In 1988 I wanted to travel and explore India. The largest subcontinent in Asia and the birthplace of the major religions in Buddhism and Hinduism. I felt it was the most beautiful and exciting place to travel and do some great photography.
During that time I was also looking for ways to find my own voice in photography after some first initial professional success in magazines and advertising work. India is a guaranteed explosion for your senses and a visual overload experience.
For me, it was about making art and taking my photography to the next level. Discover the world, discover new colors and cultures, and capture it in a multitude of amazing frames. For this expedition, I found a fully mechanical panoramic camera, the Widelux7 and I brought my small 35mm rangefinder, Leica style Minolta CLE.
Taking travel photography to the next level.
The day before departure my girlfriend discovered she was pregnant. With our first baby in her womb, we started our journey and we got blessed by Indian spiritual sadhus and shamans during the famous Kumbh Mela festival. The Kumbh Mela is the largest religious festival in the world and happens every other four years.
During these times all of us need to be able to look back at the wonderful times we had and experiences that made us who we are today. As some doors close, others will reopen, I am confident.
This is an image of The Taj Mahal in India I once shot back in the days of film photography of the perhaps most photographed and iconic landmark buildings of the world.
The Taj Mahal in India was completed in 1643. This photo was made by me in 1988. Lucky then to be in the right place at the right time everything fell into place. Capturing the Taj Mahal from a more unusual perspective was the challenge.
Photographed with a special Widelux panorama camera, loaded with my favorite Kodak Gold negative 35mm film.
The other jewel I found in my archive I shot at the Taj Mahal is the picture below. Two Indian women in colorful traditional dress, leaving the white marble mausoleum.
This picture was shot on a Minolta CLE rangefinder camera that was the result of a collaboration with Leica. A very special small camera well sought after even today.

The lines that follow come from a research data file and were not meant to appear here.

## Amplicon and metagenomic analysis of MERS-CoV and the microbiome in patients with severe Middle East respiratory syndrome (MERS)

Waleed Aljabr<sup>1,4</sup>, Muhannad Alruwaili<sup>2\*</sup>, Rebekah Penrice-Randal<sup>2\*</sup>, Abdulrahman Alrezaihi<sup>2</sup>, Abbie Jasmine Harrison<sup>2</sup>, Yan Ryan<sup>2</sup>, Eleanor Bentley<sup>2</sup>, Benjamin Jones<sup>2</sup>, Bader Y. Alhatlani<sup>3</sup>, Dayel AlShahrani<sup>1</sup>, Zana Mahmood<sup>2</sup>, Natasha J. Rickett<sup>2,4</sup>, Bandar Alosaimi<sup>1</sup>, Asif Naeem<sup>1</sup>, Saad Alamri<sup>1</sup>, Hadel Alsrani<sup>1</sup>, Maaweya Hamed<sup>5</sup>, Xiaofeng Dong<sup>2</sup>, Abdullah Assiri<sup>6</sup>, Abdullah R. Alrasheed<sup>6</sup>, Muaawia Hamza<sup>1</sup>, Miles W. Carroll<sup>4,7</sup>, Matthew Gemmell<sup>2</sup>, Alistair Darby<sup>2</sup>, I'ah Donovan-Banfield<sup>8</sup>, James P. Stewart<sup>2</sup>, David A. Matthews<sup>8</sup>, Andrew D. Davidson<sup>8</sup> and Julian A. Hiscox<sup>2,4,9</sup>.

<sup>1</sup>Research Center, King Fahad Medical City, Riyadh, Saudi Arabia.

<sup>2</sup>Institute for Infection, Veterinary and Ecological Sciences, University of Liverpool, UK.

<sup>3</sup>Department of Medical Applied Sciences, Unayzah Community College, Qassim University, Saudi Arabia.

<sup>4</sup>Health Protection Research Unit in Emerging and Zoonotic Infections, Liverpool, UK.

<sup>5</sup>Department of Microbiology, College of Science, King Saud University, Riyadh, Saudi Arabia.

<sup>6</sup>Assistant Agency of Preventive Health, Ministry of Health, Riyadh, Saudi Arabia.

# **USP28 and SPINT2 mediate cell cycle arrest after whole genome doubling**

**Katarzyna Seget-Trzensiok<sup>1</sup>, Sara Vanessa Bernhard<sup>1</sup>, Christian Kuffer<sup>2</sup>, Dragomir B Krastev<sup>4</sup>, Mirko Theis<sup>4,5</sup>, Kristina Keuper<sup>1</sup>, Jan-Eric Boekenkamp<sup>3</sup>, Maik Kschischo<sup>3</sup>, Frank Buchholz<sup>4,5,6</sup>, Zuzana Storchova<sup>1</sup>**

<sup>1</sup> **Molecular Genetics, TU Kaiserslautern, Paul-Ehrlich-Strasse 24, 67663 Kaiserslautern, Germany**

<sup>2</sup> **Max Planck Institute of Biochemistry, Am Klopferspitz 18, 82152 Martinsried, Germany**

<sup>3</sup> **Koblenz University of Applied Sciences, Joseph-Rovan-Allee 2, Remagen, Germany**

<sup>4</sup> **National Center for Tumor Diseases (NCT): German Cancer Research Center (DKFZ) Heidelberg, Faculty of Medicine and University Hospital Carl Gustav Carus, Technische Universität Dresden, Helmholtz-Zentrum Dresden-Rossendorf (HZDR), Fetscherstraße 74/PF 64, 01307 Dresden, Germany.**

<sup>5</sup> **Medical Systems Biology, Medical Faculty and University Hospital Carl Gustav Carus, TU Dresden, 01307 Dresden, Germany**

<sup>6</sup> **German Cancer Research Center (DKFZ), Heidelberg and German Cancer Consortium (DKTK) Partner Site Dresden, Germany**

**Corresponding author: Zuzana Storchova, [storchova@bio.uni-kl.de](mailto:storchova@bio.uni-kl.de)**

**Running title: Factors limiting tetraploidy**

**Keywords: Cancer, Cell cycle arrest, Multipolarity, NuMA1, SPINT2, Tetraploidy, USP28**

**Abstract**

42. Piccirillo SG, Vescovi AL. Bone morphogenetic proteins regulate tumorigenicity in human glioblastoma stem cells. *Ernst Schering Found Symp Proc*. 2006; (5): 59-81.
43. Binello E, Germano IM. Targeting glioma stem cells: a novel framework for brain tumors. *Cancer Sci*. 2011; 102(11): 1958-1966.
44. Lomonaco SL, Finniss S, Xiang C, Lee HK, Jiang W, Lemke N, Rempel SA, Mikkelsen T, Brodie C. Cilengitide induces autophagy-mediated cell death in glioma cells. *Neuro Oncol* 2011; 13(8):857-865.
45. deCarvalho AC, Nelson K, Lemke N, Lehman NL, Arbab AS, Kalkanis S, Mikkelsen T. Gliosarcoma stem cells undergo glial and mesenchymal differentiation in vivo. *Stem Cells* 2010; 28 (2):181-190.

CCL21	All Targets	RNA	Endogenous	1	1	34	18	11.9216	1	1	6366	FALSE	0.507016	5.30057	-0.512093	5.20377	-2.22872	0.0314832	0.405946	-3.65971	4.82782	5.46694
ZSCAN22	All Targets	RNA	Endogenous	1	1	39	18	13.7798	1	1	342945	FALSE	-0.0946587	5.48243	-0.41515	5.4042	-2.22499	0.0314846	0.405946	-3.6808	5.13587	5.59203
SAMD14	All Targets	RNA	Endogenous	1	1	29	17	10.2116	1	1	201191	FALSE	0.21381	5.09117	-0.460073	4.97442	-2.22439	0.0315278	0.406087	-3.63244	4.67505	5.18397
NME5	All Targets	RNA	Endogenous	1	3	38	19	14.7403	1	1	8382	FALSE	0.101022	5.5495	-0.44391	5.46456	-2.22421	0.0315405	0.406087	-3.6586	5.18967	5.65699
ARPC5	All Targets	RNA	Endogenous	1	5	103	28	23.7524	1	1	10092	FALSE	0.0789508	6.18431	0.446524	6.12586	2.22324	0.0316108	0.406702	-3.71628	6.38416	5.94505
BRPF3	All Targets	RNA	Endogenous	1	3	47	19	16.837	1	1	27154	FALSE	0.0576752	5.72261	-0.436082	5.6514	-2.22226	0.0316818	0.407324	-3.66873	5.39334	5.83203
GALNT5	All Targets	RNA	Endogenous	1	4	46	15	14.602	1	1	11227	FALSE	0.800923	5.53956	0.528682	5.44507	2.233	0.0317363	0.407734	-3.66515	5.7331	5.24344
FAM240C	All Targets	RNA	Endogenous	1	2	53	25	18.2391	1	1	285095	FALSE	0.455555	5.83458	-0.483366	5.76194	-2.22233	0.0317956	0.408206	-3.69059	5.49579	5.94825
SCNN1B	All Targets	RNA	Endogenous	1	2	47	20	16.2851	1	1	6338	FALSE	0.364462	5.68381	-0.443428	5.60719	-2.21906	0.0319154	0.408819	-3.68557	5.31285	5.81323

To reload my images into 2020 with the help of a Canon 8800F flatbed scanner proved to be a rewarding experience. Yes, it’s also a very time-consuming effort and makes you realize the fast access to digital photography. On the other hand, this was shot on film negatives 32 years ago.
Digital storage can easily become obsolete unless you constantly update and refresh your backup files and drives before they become lost or technically outdated.
The combination of being able to scan my different film types together with various innovative ideas and the integration of current software technology has created SilverFast 8 which is regarded as the best scanner software to digitize my films and prints.
The Silverfast is the scanner software that actually delivers perfect scans right from the start as others like VueScan failed miserably in my test with them regarding accuracy in color representation. At least with my Canon 8800F scanner that I picked up from a yard sale for $20,-
The pinnacle of scanner hardware machines in my opinion is still the Flextight-Hasselblad Imacon scanner. They are second hand to be found for around for $1.600 to $2.000 This is a great option if you prefer to scan your work to the highest professional level and up to 4×5 inch film. For that kind of money, you can also outsource the scans before the hobby becomes a job.